forget  — forgotten

  get  — gotten

  give  — given

  go  — gone

  grow  — grown

  hang  — hung

  have  — had

  hear  — heard

  hide  — hidden

  hit  — hit

  hold  — held

  hurt  — hurt

  keep  — kept

  know  — known

  leave  — left

  lend  — lent

  let  — let

  light  — lit

  lose  — lost

  make  — made

  mean  — meant

  meet  — met

  pay  — paid

  put  — put

  read  — read

  ride  — ridden

  ring  — rung

  rise  — risen

  run  — run

  say  — said

  see  — seen

  sell  — sold

  send  — sent

  shine  — shone

  shoot  — shot

  shut  — shut

  sing  — sung

  sit  — sat

  sleep  — slept

  speak  — spoken

  spend  — spent

  stand  — stood

  steal  — stolen

  swim  — swum

  take  — taken

  teach — taught

  tear  — torn

  tell  — told

  think  — thought

  throw  — thrown

  wake  — woken

  wear  — worn

  win  — won

  write  — written

Past Perfect Negative Statements

Chart showing how to form the past perfect negative: Subject + had + not + past participle.

To form the negative, simply add "not" after "had":

  • subject + had + not + past participle

We can also use the contractions hadn't  (had not =  hadn't)

Examples:

  • I had not written to my mother in years.
  • The housekeeping staff hadn't cleaned the room in two days.
  • We hadn't washed the car because we thought it would rain.
  • Before last night I hadn't spoken to my ex-girlfriend in three months.
  • My parents had not come to one of my games before today.


Yes / No Questions

Chart showing to form questions with the past perfect: Had + subject + past participle

To form questions use:

  • had + subject + past participle

Examples:

  • Had you spoken to him before you met each other?
  • Had she seen a psychiatrist before?
  • Had they bought anything from that store before today?
  • Had the weather been nice in previous years?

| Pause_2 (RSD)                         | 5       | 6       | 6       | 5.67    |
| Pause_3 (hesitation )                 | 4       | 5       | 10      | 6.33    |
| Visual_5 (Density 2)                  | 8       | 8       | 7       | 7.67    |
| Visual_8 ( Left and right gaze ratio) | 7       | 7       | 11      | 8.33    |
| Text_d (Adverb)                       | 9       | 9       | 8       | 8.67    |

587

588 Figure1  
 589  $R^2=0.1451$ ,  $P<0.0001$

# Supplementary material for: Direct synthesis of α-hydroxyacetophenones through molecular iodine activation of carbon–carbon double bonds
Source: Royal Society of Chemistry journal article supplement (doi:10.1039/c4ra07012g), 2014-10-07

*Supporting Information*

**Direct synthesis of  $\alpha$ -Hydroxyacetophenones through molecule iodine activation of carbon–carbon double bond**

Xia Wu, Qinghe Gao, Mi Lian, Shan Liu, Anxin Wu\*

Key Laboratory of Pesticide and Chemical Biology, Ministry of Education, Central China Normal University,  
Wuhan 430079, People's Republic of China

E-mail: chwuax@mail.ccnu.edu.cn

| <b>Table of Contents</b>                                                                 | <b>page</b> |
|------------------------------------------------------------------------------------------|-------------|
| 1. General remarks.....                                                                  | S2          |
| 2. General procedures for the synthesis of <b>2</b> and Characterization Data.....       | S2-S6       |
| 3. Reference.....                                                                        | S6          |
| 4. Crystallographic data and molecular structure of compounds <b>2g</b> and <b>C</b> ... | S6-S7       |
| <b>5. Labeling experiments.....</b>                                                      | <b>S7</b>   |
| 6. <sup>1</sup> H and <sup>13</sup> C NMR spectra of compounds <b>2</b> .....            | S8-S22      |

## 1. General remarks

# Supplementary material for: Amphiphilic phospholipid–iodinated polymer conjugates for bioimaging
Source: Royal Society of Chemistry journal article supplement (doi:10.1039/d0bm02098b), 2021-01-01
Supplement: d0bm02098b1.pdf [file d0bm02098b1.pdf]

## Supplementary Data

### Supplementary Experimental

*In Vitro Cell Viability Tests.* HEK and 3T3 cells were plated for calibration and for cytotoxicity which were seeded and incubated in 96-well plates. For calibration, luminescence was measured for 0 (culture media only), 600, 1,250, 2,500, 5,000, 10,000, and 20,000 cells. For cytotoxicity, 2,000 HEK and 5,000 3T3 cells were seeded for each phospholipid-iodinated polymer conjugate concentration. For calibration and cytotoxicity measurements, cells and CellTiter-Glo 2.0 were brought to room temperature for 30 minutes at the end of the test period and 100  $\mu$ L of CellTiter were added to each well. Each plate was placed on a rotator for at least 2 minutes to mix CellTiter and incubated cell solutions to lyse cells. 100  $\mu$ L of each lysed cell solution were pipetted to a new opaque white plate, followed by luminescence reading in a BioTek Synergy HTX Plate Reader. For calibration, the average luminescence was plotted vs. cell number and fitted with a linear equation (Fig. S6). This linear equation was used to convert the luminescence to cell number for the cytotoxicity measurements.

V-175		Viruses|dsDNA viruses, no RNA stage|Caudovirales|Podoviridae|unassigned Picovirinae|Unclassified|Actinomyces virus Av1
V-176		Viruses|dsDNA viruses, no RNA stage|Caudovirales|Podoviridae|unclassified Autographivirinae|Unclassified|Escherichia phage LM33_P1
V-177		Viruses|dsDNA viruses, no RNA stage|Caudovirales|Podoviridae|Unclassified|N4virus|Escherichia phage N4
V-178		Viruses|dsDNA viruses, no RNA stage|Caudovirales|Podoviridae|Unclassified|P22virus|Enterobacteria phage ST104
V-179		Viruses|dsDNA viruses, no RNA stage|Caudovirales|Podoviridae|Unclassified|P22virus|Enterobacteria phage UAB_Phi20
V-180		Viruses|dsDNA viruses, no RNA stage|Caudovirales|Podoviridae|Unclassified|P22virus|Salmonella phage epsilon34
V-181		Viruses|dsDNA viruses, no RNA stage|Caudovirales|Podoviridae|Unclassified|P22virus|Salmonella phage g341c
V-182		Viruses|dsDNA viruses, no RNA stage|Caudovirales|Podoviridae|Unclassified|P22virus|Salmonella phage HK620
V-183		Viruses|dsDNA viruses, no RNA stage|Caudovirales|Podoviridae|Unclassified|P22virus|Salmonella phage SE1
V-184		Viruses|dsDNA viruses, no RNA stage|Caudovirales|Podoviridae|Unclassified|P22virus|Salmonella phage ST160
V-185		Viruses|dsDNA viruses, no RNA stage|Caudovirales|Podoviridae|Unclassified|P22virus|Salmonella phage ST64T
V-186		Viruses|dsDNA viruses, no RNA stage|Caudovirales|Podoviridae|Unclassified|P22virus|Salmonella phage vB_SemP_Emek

• Had it taken so long to get a reservation in the past?
  • Had they given you the same excuse the last time?


We can answer no questions with a full or a shorter answer by using contractions (hadn't) with negative answers.

Examples:

Had you visited Sri Lanka before this trip?

  • Yes, I had visited the country twice before this trip.
  • Yes, I had. (short answer)
  • No, I had not visited the country twice before this trip.
  • No, I hadn't. (short answer)

Had the snowstorm started before you left?

  • Yes, it had started before we left.
  • Yes, it had. (short answer)
  • No, it had not started.
  • No, it hadn't. (short answer)


Wh- Questions Past Perfect

Notice the word order. The wh- question word comes before "had" and then the past participle.

Examples:

  • How long had you studied French before you moved here?
  • Where had the dog gone?
  • Why had the bus stopped in the previous city?
  • Who had they originally found to cater the event?
  • What had your sister thought about the first interview?
  • How much of the cake had your dog eaten before you caught him?

Whew!  We covered a lot of information on this page. Check back for exercises that will help you practice the past perfect in its different forms.

Click here to learn when to USE the past perfect.


› Past Perfect Form